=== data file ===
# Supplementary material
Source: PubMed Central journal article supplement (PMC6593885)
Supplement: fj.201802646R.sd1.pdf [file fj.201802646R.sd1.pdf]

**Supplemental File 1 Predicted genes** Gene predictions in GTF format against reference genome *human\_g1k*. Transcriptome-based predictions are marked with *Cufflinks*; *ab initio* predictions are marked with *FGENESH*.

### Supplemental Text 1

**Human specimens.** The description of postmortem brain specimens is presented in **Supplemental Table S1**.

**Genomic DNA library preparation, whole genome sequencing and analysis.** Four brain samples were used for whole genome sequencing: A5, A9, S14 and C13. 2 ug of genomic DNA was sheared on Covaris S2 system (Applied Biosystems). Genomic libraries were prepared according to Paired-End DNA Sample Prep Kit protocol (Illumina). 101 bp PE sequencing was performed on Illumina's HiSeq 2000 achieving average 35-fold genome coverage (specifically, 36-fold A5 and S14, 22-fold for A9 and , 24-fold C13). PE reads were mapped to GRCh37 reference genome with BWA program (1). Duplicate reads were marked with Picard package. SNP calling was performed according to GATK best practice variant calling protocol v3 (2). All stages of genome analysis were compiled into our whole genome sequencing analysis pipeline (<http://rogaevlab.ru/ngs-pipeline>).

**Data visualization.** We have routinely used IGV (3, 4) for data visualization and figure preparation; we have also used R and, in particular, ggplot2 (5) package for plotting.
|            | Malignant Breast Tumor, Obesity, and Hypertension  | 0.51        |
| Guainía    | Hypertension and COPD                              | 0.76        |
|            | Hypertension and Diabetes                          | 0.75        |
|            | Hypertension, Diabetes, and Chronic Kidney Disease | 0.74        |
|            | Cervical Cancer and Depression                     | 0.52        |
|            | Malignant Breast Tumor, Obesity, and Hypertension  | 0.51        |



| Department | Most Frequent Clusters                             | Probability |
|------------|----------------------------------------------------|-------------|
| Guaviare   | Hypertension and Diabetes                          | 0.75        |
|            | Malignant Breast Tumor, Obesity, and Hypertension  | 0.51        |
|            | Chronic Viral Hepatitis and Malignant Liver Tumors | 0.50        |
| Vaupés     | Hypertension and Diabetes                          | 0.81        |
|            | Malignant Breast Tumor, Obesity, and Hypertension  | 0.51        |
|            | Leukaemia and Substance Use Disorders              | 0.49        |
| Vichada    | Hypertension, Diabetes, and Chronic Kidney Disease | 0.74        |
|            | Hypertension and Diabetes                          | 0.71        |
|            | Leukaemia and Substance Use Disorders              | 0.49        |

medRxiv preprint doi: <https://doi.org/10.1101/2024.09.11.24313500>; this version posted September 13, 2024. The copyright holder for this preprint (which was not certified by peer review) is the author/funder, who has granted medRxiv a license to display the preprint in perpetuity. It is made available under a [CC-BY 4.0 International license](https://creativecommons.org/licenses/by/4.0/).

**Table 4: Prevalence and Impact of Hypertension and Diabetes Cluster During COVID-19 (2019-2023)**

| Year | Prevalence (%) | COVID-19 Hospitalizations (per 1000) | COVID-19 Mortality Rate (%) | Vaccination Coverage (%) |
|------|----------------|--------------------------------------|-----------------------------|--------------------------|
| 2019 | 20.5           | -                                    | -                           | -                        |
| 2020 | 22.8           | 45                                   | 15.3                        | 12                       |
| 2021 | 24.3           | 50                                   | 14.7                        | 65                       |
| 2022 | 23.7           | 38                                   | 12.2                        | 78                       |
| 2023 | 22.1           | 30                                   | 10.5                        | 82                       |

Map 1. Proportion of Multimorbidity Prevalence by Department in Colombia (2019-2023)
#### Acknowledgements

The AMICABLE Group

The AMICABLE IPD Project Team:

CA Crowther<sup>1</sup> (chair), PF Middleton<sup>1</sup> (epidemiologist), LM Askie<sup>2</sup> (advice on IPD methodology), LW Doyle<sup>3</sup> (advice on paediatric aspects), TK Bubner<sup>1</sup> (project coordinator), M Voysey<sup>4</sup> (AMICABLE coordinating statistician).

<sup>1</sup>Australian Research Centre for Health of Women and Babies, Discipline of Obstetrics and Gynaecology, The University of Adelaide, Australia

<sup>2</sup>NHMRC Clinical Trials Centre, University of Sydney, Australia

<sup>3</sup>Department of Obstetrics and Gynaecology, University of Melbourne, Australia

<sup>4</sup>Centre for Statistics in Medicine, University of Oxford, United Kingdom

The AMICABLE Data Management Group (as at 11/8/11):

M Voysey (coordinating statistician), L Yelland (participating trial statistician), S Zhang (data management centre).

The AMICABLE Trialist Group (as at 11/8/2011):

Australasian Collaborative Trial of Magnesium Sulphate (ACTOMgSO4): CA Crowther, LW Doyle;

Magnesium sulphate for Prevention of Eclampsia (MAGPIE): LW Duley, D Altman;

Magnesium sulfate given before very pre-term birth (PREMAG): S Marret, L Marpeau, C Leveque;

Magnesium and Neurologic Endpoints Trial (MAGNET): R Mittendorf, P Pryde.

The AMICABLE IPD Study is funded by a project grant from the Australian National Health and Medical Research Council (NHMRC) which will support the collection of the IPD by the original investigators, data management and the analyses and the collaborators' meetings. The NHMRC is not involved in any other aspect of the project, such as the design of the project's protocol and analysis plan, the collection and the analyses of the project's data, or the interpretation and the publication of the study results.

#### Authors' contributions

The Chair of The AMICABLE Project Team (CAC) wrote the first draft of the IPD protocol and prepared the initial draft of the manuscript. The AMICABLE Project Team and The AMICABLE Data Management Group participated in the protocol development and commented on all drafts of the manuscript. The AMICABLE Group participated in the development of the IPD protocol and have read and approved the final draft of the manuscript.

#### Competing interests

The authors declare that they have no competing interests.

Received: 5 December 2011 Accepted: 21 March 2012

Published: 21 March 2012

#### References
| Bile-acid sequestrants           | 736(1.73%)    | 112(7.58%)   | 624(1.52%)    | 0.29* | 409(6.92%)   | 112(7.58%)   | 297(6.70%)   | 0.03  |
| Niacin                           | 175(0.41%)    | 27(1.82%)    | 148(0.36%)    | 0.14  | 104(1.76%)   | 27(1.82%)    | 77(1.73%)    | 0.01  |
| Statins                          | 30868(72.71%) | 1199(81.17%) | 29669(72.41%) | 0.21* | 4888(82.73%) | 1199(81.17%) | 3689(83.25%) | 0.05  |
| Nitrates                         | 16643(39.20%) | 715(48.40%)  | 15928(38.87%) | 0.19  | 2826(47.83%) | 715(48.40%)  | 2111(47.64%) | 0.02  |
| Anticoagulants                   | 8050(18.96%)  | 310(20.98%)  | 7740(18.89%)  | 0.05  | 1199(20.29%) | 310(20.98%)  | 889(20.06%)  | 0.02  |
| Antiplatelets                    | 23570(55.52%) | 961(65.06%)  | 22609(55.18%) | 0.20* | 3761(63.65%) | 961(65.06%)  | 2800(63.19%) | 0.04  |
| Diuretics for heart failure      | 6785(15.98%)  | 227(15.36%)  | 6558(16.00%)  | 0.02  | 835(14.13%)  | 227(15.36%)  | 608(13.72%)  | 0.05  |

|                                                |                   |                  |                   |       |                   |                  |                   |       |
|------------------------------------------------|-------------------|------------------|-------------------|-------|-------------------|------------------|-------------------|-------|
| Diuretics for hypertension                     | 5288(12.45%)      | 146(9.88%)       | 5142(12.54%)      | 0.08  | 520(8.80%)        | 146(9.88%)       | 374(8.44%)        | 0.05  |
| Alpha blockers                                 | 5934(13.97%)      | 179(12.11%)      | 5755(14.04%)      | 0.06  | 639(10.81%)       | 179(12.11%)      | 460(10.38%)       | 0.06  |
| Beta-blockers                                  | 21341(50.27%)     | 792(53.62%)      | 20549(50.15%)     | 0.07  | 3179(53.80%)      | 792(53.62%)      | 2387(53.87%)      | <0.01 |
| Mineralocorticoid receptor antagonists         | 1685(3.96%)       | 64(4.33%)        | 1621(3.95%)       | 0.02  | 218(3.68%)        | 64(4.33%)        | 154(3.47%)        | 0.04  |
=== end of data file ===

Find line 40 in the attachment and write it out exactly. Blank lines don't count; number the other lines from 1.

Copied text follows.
<sup>1</sup>Australian Research Centre for Health of Women and Babies, Discipline of Obstetrics and Gynaecology, The University of Adelaide, Australia